Survey: 85 percent of senior security pros say more than half of IoT products are not secure
In a new survey, 83 percent of senior security pros said that public disclosure of IoT vulnerabilities, in and of itself, is not a significant enough step toward improving IoT product security.
It's not exactly a shock that experts still regard the Internet of Things (IoT) as a potential security minefield. However, the overwhelming proportion of executives who continue to distrust IoT as a secure technology does ring some alarm bells, based on the results of a new survey from research-oriented security service firm IOActive.
In IOActive's recently released IoT Security Survey, 85 percent of senior security professionals believe that less than half of IoT products presently on the market are secure, while 47 percent believe less than 10 percent are safe.
On the other hand, what's even more unusual is that 63 percent of respondents indicated that non-IoT product categories – including hardware, mobile technology, software and medical vehicles – is in even worse shape than IoT, suggesting that security practices across the board are highly inadequate.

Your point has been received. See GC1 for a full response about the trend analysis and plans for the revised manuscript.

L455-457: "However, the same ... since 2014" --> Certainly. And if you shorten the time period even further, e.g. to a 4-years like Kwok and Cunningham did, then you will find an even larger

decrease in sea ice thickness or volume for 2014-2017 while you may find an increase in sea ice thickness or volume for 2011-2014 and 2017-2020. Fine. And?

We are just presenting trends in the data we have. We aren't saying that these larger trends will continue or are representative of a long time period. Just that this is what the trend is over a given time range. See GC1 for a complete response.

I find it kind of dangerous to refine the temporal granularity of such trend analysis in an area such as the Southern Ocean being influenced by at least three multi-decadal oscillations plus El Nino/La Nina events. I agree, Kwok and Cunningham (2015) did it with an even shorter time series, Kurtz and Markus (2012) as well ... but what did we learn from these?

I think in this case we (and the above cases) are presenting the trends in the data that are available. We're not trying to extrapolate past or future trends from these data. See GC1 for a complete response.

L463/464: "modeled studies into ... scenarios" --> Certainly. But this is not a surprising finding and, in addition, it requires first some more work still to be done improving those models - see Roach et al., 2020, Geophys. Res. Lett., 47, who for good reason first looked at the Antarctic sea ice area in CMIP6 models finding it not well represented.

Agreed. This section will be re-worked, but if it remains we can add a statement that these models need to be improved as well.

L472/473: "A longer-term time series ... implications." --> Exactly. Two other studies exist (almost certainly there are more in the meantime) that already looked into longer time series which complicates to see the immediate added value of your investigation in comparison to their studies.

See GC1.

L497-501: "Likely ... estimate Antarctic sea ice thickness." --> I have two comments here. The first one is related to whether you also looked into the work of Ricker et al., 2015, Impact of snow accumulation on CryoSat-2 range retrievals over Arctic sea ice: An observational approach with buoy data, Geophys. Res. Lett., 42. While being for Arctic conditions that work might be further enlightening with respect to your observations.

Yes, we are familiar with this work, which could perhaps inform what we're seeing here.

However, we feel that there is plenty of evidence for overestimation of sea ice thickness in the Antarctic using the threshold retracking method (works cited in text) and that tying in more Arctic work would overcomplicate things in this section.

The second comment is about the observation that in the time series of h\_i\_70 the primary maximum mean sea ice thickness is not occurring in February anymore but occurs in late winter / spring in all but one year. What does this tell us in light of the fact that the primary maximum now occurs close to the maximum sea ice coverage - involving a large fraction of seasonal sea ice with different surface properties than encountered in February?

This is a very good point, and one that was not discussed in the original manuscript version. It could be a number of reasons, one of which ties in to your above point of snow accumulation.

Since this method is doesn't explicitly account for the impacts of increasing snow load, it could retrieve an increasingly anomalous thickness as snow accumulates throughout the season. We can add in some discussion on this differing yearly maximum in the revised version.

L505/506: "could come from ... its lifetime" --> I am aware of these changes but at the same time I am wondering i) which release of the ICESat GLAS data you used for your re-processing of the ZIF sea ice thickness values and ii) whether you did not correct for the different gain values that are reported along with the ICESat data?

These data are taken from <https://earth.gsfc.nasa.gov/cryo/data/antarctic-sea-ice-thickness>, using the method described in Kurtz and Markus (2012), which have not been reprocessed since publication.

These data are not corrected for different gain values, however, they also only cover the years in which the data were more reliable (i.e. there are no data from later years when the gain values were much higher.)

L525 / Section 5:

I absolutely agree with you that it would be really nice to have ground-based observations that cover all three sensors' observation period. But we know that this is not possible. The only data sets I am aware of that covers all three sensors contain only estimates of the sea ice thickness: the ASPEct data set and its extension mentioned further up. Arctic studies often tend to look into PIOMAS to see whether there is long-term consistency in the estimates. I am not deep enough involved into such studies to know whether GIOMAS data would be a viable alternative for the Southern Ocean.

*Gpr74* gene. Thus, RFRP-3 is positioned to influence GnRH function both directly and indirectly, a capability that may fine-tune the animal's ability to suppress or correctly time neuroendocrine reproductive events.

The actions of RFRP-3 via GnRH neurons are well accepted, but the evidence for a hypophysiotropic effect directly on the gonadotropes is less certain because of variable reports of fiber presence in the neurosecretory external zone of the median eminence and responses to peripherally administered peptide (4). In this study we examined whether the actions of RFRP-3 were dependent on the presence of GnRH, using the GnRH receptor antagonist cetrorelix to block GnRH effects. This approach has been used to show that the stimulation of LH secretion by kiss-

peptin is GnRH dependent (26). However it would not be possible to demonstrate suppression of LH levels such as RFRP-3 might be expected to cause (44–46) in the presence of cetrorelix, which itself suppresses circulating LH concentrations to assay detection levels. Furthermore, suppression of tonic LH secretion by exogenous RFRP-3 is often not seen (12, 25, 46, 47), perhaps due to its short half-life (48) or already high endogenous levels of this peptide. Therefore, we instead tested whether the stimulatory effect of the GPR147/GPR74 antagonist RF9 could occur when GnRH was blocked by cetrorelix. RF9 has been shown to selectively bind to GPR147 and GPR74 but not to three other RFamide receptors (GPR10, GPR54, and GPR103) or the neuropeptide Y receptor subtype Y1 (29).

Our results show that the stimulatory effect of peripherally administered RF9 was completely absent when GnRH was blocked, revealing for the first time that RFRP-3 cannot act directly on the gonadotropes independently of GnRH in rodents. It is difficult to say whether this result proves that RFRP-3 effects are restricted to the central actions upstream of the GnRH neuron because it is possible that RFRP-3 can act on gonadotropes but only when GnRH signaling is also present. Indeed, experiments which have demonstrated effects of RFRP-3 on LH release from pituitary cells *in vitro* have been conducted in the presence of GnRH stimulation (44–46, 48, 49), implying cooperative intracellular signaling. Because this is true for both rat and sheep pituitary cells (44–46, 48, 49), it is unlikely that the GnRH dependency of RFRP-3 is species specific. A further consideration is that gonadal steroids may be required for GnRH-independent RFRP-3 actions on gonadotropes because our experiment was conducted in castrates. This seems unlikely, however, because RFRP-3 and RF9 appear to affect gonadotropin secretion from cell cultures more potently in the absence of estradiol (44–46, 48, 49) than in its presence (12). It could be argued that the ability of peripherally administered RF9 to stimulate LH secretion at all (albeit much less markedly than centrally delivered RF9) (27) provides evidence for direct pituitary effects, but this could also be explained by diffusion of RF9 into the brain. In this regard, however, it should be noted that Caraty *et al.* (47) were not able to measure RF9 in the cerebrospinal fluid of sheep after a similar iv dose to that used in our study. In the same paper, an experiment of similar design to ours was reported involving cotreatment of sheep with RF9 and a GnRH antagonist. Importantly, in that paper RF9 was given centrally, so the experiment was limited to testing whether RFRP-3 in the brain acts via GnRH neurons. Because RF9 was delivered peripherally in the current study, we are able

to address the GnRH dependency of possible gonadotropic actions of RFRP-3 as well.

Asked to cite the primary challenges facing proper IoT device security, 72 percent of respondents said the biggest impediment was a failure to bake security mechanisms into the device itself. “Things like not using encryption to transmit data from one device to another. We see that on a regular basis,” Daniel Miessler, director of advisory services at IOActive, said in an interview with SCMagazine.com. Or “having different security requirements for mobile applications vs. web applications.”
Weak cloud security, whereby credentials are susceptible to a brute-force attack, is another common problem, he added.
These are very fundamental mistakes that companies are making. That's the type of stuff want to see [fixes] built in if we want to see any kind of improvement,” said Miessler.
The next most commonly cited challenges to IoT security were uneducated users and user error (63 percent), and data privacy (59 percent).
The majority of survey-takers, 83 percent, also agreed that public disclosure of IoT vulnerabilities, in and of itself, is not a significant enough step toward improving IoT product security, and that some form of regulatory action would be more effective. Setting minimum security compliance standards and issuing mandatory product recalls, updates and injunctions were the top two suggestions for measurably improving IoT security.
“We're already seeing a top-down regulation approach where at some point the government is going to go after or in some way sanction companies who don't put what is deemed to be minimum security into their products,” hopefully inspiring consumers to feel more confident, said Miessler. At the same time, Miessler believes consumer confidence and demand will also grow as an increasing number of IoT manufacturers take the necessarily steps to market their products as safe and secure.